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Indianapolis Public Schools hopes to fund Rebuilding Stronger through $810 million in new taxes

The side of a building has the words Indianapolis Public Schools set in the stone.

Indianapolis Public Schools hopes to ask voters to fund its Rebuilding Stronger plan through two ballot questions in May of 2023.

WFYI file photo

Indianapolis Public Schools officials hope to ask voters to cover $810 million in operating and capital expenses through two ballot questions in May 2023 to fund its massive reorganization plan known as Rebuilding Stronger, an increase that officials estimate would raise the average tax bill by $6 per month based on the median home value. 

The two ballot questions are part of a three-part effort to fund the plan, which would close seven schools, reconfigure grades throughout the district, and expand specialized academic programs such as International Baccalaureate. 

One referendum for $410 million would support capital projects such as two new schools and renovations at several others. 

The other referendum would generate about $50 million annually for the district’s operating budget over the course of eight years. It would fund the expansion of specialized academic programs and provide continued competitive compensation to staff. 

The district also estimates saving a total of $2.5 million through 2024-25 by closing schools under Rebuilding Stronger.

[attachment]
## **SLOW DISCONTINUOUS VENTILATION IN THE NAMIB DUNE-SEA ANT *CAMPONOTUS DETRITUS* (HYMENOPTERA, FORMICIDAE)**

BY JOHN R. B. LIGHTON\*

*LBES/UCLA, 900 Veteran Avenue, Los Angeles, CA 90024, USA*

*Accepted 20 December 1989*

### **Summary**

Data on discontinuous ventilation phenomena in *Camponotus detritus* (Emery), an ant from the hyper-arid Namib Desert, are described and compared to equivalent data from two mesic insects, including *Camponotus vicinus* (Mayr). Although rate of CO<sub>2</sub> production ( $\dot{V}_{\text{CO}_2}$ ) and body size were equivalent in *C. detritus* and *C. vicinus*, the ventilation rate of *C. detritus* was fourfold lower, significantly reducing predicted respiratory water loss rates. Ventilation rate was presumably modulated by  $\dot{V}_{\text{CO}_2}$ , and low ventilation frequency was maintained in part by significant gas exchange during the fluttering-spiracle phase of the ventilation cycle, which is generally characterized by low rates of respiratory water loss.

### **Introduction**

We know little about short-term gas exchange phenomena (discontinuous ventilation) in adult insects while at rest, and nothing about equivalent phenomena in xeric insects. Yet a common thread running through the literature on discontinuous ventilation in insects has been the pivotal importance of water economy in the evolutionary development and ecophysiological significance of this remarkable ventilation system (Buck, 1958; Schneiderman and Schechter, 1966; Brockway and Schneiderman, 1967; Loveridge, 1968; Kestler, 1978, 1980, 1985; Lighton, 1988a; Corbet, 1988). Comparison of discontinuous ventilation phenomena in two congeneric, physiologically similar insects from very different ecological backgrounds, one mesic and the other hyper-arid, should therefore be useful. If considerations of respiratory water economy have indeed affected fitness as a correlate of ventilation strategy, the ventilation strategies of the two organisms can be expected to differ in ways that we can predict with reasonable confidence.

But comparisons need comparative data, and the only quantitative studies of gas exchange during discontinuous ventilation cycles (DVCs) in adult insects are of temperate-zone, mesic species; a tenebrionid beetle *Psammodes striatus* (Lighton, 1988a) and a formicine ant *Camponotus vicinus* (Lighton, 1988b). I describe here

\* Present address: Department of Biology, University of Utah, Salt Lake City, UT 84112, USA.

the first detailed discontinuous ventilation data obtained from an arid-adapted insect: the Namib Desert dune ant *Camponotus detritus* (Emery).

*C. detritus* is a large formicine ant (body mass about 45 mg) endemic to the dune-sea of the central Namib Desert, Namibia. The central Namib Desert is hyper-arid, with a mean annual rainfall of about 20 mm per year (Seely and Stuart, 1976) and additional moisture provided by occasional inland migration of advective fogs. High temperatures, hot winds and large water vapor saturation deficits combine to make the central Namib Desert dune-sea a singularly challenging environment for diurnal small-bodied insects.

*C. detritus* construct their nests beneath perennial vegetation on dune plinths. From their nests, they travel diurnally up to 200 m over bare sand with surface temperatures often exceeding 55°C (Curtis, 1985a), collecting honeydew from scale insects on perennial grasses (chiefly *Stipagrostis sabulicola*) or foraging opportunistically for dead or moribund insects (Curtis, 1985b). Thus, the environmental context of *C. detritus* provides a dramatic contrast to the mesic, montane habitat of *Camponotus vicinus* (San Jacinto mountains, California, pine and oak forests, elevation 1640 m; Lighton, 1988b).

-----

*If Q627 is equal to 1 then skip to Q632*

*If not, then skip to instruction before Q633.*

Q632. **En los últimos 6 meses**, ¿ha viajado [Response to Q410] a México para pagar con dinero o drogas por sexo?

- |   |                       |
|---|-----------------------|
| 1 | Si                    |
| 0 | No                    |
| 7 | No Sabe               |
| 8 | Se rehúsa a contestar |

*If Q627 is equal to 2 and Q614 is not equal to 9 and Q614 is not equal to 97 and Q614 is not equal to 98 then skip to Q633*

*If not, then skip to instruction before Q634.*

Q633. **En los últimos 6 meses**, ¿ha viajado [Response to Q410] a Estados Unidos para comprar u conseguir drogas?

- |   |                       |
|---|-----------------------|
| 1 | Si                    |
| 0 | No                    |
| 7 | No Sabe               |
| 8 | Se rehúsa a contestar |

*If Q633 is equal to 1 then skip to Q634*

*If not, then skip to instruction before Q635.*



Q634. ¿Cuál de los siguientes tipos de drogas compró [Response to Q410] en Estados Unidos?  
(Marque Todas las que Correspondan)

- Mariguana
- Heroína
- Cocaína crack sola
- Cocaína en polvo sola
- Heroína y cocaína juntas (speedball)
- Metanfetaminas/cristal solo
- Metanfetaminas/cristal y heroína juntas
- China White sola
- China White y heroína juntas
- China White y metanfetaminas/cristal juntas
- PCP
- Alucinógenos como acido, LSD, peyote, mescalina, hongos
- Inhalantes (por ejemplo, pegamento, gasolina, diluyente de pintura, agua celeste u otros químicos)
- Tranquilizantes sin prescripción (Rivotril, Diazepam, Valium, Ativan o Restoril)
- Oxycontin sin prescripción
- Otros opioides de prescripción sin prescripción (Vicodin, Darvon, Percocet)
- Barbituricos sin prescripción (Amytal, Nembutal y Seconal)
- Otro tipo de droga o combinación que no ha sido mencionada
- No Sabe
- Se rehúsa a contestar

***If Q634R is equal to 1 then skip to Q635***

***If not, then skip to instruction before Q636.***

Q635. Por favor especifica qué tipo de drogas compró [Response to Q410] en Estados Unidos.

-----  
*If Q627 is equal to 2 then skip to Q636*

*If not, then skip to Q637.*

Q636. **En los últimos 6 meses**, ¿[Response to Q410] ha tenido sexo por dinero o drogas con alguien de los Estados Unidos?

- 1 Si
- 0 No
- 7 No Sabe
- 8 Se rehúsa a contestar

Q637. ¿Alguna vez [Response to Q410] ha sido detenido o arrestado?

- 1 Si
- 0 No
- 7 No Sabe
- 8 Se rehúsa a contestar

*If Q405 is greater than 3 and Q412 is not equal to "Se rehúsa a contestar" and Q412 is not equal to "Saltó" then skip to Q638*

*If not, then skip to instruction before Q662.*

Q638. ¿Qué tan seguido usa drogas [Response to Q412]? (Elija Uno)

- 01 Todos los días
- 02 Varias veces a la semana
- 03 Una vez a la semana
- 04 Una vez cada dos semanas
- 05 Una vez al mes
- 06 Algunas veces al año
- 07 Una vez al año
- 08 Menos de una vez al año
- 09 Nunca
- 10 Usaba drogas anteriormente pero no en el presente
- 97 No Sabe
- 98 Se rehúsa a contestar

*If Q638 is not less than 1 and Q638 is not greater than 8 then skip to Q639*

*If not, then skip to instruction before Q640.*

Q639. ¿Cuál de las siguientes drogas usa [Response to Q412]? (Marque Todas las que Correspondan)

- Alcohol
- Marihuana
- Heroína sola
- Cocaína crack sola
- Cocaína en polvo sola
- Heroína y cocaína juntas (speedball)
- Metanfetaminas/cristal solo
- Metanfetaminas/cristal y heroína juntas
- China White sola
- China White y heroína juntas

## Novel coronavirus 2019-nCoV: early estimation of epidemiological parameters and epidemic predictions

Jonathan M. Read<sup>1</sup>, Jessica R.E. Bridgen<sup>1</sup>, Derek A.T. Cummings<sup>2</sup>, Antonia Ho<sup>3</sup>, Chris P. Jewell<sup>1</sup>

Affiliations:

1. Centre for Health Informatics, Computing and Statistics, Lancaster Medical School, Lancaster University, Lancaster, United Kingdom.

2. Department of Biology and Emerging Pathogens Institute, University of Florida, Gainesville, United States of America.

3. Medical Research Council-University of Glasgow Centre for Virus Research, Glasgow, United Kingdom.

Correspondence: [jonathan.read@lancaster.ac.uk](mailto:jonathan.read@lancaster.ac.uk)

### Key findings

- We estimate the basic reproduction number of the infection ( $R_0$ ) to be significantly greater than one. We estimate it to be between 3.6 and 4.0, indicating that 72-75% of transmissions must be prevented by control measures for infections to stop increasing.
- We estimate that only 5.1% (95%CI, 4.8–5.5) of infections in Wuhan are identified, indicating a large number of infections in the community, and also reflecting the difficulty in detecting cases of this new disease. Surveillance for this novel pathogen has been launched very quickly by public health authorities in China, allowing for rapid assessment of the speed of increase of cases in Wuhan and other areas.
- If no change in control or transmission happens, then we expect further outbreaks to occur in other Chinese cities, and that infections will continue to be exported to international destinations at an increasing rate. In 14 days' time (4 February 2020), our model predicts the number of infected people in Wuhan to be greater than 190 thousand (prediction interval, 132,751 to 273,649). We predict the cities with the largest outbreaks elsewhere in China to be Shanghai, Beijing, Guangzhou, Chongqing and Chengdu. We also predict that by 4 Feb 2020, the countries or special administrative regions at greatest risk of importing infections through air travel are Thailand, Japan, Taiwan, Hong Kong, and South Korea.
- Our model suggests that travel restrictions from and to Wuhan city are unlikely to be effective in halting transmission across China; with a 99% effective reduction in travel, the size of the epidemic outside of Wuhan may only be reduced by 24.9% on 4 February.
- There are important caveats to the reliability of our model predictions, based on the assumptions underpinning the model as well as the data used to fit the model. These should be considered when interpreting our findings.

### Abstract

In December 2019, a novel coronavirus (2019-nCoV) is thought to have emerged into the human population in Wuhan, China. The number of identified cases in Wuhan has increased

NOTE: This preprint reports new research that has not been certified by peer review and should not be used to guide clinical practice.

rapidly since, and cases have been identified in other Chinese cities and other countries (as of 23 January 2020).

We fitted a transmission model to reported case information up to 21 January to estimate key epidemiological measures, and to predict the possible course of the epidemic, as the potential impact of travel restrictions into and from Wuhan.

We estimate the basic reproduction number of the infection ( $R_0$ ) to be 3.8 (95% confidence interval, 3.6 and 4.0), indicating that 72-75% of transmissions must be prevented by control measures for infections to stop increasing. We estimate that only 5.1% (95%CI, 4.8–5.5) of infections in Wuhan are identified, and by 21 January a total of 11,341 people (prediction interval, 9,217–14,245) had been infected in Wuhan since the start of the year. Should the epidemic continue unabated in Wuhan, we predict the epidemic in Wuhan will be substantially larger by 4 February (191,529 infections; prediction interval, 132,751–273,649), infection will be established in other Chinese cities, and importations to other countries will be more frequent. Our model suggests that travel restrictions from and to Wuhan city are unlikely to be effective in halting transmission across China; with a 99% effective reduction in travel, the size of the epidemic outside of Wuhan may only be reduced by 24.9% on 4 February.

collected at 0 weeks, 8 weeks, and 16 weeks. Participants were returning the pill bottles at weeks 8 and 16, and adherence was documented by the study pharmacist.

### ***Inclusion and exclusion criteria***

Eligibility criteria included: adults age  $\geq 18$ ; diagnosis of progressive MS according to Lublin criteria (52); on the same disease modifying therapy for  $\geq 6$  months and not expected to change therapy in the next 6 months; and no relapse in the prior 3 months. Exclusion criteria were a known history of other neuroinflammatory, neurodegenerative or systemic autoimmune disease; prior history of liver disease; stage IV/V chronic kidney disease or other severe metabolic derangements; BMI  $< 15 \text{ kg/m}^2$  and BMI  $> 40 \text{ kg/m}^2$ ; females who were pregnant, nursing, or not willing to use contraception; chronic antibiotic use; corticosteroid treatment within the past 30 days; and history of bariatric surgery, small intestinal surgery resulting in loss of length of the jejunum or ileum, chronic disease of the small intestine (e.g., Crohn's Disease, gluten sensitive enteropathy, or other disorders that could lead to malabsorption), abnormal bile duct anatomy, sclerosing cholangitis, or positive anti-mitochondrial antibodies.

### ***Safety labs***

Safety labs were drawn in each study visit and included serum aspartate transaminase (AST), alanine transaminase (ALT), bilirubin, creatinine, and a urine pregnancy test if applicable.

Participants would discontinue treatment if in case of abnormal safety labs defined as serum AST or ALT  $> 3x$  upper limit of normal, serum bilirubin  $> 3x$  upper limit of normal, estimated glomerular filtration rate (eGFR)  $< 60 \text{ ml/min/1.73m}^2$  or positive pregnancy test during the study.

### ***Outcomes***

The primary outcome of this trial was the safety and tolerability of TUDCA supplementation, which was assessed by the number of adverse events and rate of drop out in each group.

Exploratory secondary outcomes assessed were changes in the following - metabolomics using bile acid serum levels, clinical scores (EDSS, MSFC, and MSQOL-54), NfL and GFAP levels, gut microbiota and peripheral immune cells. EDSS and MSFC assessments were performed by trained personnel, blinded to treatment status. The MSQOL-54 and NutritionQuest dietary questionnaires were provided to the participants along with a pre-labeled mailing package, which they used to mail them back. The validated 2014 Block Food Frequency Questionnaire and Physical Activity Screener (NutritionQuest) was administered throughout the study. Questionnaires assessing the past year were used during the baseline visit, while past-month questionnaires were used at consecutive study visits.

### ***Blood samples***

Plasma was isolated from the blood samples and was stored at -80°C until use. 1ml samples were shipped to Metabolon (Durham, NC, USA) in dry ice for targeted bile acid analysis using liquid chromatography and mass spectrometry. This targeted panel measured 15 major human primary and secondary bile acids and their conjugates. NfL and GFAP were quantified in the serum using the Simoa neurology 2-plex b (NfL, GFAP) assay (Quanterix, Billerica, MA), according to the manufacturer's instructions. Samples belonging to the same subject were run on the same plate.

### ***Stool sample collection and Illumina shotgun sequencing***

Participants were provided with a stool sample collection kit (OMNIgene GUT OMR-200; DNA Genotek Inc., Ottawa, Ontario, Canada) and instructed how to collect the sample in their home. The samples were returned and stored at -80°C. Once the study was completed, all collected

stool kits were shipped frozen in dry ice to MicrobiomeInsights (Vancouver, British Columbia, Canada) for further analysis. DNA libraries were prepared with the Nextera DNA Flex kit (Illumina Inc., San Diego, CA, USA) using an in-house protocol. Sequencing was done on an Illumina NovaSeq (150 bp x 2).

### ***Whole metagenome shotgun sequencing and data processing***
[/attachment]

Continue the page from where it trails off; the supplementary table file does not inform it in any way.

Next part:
The district estimates that the tax increase would mean a $6 monthly increase for a resident whose home is valued at $138,500, the median home value of homes within the IPS boundaries. Taxpayers would see an increase beginning in 2024. 

The ballot referendum for operating expenses would increase the tax rate from 19 cents per $100 of assessed property value to 25 cents per $100 of assessed property value.

The capital referendum would request roughly 16 cents per $100 of assessed value to cover debt for facilities. However, district officials said that they will soon finish paying off previous debt for capital projects, a move that would lower the overall tax rate and effectively cancel out that 16-cent increase. 

The two proposed ballot questions, which will be presented to the school board on Thursday, must be approved by the board before they’re added to next year’s May primary election ballot.

Rebuilding Stronger, which the school board will consider for a vote in November, is the district’s latest solution to the longstanding issues of enrollment decline, financial challenges, and a lack of access to higher-performing academic programs.

In 2018, voters agreed to increase property taxes to raise another $272 million in operating and capital expenses.That increase funded teacher pay raises and safety and facility upgrades to school buildings.

Superintendent Aleesia Johnson said the district would share money received from the operating referendum with its innovation schools, most of which are charter schools that are given more autonomy than traditional public schools.

Johnson said she hopes the IPS community will support the tax increases if they’re on the ballot.

“I just believe that folks in our city and in our community believe that our kids shouldn’t have to seek out opportunities, they should be given opportunities,” she said.